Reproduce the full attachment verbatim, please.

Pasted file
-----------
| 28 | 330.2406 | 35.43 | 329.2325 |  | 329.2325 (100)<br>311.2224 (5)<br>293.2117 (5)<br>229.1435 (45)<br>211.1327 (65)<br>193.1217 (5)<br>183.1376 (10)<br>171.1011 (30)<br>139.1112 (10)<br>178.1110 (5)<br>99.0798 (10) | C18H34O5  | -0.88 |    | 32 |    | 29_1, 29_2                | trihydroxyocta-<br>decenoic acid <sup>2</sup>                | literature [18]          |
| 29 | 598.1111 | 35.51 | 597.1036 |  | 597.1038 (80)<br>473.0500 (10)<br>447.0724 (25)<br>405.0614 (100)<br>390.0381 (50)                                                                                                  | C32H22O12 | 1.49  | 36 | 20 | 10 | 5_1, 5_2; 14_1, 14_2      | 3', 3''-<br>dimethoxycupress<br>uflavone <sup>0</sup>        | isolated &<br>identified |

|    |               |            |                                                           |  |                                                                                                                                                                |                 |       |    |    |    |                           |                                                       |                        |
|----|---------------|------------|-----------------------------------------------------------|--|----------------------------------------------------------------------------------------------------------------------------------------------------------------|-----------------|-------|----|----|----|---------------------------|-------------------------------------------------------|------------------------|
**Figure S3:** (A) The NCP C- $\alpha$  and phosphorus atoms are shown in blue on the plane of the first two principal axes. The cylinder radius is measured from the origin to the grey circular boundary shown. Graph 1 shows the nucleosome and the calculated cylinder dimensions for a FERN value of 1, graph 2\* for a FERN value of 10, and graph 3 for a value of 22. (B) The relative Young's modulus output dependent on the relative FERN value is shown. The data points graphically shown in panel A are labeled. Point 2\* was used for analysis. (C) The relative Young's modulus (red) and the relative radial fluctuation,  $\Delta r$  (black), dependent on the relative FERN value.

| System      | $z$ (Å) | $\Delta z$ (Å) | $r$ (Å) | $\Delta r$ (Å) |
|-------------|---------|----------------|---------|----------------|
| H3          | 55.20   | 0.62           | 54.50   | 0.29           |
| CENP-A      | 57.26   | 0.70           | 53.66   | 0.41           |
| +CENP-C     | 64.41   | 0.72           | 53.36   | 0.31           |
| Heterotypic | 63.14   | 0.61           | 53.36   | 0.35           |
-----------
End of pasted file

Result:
| 28 | 330.2406 | 35.43 | 329.2325 |  | 329.2325 (100)<br>311.2224 (5)<br>293.2117 (5)<br>229.1435 (45)<br>211.1327 (65)<br>193.1217 (5)<br>183.1376 (10)<br>171.1011 (30)<br>139.1112 (10)<br>178.1110 (5)<br>99.0798 (10) | C18H34O5  | -0.88 |    | 32 |    | 29_1, 29_2                | trihydroxyocta-<br>decenoic acid <sup>2</sup>                | literature [18]          |
| 29 | 598.1111 | 35.51 | 597.1036 |  | 597.1038 (80)<br>473.0500 (10)<br>447.0724 (25)<br>405.0614 (100)<br>390.0381 (50)                                                                                                  | C32H22O12 | 1.49  | 36 | 20 | 10 | 5_1, 5_2; 14_1, 14_2      | 3', 3''-<br>dimethoxycupress<br>uflavone <sup>0</sup>        | isolated &<br>identified |

|    |               |            |                                                           |  |                                                                                                                                                                |                 |       |    |    |    |                           |                                                       |                        |
|----|---------------|------------|-----------------------------------------------------------|--|----------------------------------------------------------------------------------------------------------------------------------------------------------------|-----------------|-------|----|----|----|---------------------------|-------------------------------------------------------|------------------------|
**Figure S3:** (A) The NCP C- $\alpha$  and phosphorus atoms are shown in blue on the plane of the first two principal axes. The cylinder radius is measured from the origin to the grey circular boundary shown. Graph 1 shows the nucleosome and the calculated cylinder dimensions for a FERN value of 1, graph 2\* for a FERN value of 10, and graph 3 for a value of 22. (B) The relative Young's modulus output dependent on the relative FERN value is shown. The data points graphically shown in panel A are labeled. Point 2\* was used for analysis. (C) The relative Young's modulus (red) and the relative radial fluctuation,  $\Delta r$  (black), dependent on the relative FERN value.

| System      | $z$ (Å) | $\Delta z$ (Å) | $r$ (Å) | $\Delta r$ (Å) |
|-------------|---------|----------------|---------|----------------|
| H3          | 55.20   | 0.62           | 54.50   | 0.29           |
| CENP-A      | 57.26   | 0.70           | 53.66   | 0.41           |
| +CENP-C     | 64.41   | 0.72           | 53.36   | 0.31           |
| Heterotypic | 63.14   | 0.61           | 53.36   | 0.35           |